Understanding the Nationally Consistent Approach for Access to and the Utilisation of Australia's Native Genetic and Biochemical Resources (NCA)
Department of the Environment and Heritage
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About the document
On 11 October 2002 the 14 Commonwealth, State and Territory Ministers of Australia constituting the Natural Resource Management Ministerial Council endorsed the Nationally Consistent Approach for Access to and the Utilisation of Australia's Native Genetic and Biochemical Resources (NCA).
Until 1993 genetic resources were commonly considered the 'common heritage of mankind' and their utilisation for new products was largely undertaken without regard to the communities from which the source material was drawn. Thus major discoveries based on natural resources (sometimes involving the use of Traditional Indigenous Knowledge) resulted in no benefits flowing back to the country or community providing that material.
One such example is the antibiotic Erythromycin, which was ultimately derived from a Philippine soil sample. Another is the anti-rejection drug Cyclosporin A. This was developed from a soil fungus found in a sample taken from a nature reserve in what is now Norway's Hardangarvidda National Park. 1997 sales revenue for Cyclosporin based products amounted to US$1.2 billion. Norway has no share in this.
In 1993 the 'common heritage of mankind' doctrine ended when the newly ratified CBD affirmed nations' sovereign rights over their natural biological resources, including their genetic resources. Under the Convention, in return for facilitating access to this material, countries are entitled to a fair and equitable share in the benefits that flow from the utilisation of those resources. This is the third of the three objectives of the Convention, the other two being, the conservation of biological resources and the sustainable use of biological resources. The third objective has proved to be the most difficult to implement.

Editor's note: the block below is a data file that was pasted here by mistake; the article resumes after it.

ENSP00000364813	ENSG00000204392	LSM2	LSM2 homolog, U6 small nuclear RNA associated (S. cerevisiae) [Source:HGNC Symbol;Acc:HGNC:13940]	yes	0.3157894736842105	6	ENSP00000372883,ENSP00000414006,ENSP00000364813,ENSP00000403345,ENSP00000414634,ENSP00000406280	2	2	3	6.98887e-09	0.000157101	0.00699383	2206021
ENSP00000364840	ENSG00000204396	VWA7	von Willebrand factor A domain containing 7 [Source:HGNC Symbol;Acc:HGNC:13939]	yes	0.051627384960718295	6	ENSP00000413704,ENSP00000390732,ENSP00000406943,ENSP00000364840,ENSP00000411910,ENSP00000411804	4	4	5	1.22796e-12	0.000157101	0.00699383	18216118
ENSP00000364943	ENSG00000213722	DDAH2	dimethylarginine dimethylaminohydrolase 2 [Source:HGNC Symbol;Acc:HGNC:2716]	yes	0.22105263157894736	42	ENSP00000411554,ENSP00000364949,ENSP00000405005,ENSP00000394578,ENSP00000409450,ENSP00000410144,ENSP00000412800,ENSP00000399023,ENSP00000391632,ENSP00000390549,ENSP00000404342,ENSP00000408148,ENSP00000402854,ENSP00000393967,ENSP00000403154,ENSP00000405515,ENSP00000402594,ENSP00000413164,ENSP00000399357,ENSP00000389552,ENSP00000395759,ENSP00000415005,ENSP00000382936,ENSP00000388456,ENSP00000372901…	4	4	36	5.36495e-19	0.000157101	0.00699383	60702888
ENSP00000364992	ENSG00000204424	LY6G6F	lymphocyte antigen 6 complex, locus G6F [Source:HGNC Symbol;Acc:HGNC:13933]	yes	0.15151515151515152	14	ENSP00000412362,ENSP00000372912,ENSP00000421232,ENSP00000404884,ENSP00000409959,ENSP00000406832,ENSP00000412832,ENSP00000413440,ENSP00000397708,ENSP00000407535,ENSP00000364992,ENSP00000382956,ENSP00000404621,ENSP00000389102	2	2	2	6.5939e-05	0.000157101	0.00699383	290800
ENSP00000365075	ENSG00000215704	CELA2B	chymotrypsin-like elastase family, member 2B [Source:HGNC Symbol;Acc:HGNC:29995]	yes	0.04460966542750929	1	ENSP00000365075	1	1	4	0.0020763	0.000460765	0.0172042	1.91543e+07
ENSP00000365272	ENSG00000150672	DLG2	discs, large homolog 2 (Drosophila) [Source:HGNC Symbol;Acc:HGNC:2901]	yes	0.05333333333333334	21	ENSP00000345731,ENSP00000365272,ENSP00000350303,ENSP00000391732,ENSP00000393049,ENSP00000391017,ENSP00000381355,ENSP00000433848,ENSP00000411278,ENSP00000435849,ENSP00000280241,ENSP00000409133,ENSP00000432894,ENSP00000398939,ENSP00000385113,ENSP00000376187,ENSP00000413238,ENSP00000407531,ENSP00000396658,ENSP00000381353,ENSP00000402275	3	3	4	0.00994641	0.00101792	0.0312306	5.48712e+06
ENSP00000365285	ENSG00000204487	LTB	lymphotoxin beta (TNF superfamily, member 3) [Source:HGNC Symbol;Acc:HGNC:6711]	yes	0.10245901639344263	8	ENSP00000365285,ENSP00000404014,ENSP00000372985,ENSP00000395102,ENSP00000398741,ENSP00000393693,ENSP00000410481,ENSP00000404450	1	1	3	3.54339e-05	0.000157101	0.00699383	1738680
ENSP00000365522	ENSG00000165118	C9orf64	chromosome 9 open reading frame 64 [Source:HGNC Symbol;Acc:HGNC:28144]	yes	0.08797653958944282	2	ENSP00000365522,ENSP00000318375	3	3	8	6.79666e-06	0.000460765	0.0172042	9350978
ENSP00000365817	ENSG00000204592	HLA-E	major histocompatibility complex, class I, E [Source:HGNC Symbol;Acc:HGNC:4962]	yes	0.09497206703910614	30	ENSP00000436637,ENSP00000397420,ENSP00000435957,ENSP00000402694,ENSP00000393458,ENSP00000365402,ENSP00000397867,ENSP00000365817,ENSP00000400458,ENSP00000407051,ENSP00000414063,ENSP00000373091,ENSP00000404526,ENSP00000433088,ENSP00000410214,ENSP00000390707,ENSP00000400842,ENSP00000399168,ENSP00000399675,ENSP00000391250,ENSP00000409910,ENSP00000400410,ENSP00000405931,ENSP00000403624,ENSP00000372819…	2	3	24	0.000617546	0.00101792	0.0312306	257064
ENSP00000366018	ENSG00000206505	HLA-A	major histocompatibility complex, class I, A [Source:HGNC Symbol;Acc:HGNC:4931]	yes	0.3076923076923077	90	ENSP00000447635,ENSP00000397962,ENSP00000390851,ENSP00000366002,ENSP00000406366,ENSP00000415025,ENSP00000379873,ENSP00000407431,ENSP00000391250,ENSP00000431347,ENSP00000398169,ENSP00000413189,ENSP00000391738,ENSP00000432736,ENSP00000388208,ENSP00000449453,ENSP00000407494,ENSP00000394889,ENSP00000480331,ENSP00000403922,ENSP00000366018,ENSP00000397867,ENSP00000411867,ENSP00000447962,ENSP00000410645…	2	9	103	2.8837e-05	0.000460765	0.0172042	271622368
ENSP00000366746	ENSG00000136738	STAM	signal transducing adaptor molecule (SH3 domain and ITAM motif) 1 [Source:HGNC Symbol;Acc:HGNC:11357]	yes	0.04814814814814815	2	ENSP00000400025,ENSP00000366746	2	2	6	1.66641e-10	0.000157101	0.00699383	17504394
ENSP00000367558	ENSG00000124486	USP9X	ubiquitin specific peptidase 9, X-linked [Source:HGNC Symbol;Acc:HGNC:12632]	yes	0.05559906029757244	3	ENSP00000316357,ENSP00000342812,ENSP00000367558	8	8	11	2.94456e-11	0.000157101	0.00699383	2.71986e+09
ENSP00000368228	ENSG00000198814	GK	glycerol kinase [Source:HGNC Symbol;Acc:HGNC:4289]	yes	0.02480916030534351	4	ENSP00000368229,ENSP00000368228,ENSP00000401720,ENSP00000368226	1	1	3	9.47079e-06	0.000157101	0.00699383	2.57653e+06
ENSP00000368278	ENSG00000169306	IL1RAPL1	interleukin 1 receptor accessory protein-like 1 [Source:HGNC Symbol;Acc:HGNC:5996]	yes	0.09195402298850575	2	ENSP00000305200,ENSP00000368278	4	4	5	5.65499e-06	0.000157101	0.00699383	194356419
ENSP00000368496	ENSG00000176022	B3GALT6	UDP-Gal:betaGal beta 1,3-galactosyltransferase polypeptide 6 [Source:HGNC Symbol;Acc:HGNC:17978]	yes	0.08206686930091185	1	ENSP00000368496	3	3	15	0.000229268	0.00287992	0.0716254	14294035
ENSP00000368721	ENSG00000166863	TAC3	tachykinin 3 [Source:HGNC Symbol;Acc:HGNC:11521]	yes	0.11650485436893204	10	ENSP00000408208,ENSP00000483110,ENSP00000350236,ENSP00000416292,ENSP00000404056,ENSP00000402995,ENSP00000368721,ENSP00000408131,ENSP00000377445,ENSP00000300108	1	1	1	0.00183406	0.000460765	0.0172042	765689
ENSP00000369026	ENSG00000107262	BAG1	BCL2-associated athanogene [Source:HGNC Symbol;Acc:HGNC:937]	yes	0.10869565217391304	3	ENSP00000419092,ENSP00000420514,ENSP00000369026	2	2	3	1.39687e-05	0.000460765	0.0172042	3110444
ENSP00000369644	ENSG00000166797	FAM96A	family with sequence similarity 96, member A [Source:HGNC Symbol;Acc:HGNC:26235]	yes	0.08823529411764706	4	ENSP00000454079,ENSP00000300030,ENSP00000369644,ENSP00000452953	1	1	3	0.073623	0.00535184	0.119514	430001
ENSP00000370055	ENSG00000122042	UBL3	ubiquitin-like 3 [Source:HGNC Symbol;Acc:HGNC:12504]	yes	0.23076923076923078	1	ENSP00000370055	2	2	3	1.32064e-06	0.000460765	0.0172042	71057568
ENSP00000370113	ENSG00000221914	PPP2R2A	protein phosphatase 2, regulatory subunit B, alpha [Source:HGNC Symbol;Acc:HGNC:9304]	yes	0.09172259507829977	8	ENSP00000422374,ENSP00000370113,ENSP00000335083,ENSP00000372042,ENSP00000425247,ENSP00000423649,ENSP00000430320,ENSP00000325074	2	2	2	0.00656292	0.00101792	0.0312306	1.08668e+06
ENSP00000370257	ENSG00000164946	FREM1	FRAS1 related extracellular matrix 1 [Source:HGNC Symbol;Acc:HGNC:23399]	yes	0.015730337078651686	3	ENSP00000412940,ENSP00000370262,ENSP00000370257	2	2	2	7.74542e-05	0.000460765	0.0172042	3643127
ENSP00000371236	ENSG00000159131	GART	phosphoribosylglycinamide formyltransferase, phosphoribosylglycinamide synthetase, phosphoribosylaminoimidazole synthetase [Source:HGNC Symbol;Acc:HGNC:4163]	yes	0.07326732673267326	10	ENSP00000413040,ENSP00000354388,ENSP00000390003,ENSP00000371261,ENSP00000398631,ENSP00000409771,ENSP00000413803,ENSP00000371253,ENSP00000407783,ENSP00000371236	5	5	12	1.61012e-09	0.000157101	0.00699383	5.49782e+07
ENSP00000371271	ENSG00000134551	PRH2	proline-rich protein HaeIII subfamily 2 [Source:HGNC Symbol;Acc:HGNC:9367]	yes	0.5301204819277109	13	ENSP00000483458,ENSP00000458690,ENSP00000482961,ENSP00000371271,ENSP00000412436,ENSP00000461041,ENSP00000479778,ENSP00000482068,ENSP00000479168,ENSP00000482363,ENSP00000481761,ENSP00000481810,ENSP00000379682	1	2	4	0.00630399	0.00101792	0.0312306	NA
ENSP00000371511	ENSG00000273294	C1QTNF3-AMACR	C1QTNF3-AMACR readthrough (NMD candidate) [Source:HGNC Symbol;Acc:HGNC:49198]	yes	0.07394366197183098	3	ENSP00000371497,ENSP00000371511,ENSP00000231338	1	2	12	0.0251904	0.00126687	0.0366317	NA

Nevertheless, countries continue to place great importance on finding a way to establish an international market in the commercialisation of genetic resources under the Convention. This urgency is best understood by reference to the economic value of biodiversity to industry. For example, in relation to the pharmaceutical industry, in 1998 the value of sales of pharmaceutical products derived from genetic resources alone was US$75 billion – out of total sales of US$300 billion. Most of these products were developed from material collected before the CBD came into being or before nation states began to implement CBD effective regulatory frameworks.
Australia controls approximately 10% of the world's natural genetic and biochemical resources. Most of that material has yet to be evaluated for its commercial potential, indeed, a significant portion of Australia's biota still has to be described. As a megadiverse country, Australia therefore stands to gain considerable economic, social and environmental benefits from its utilisation.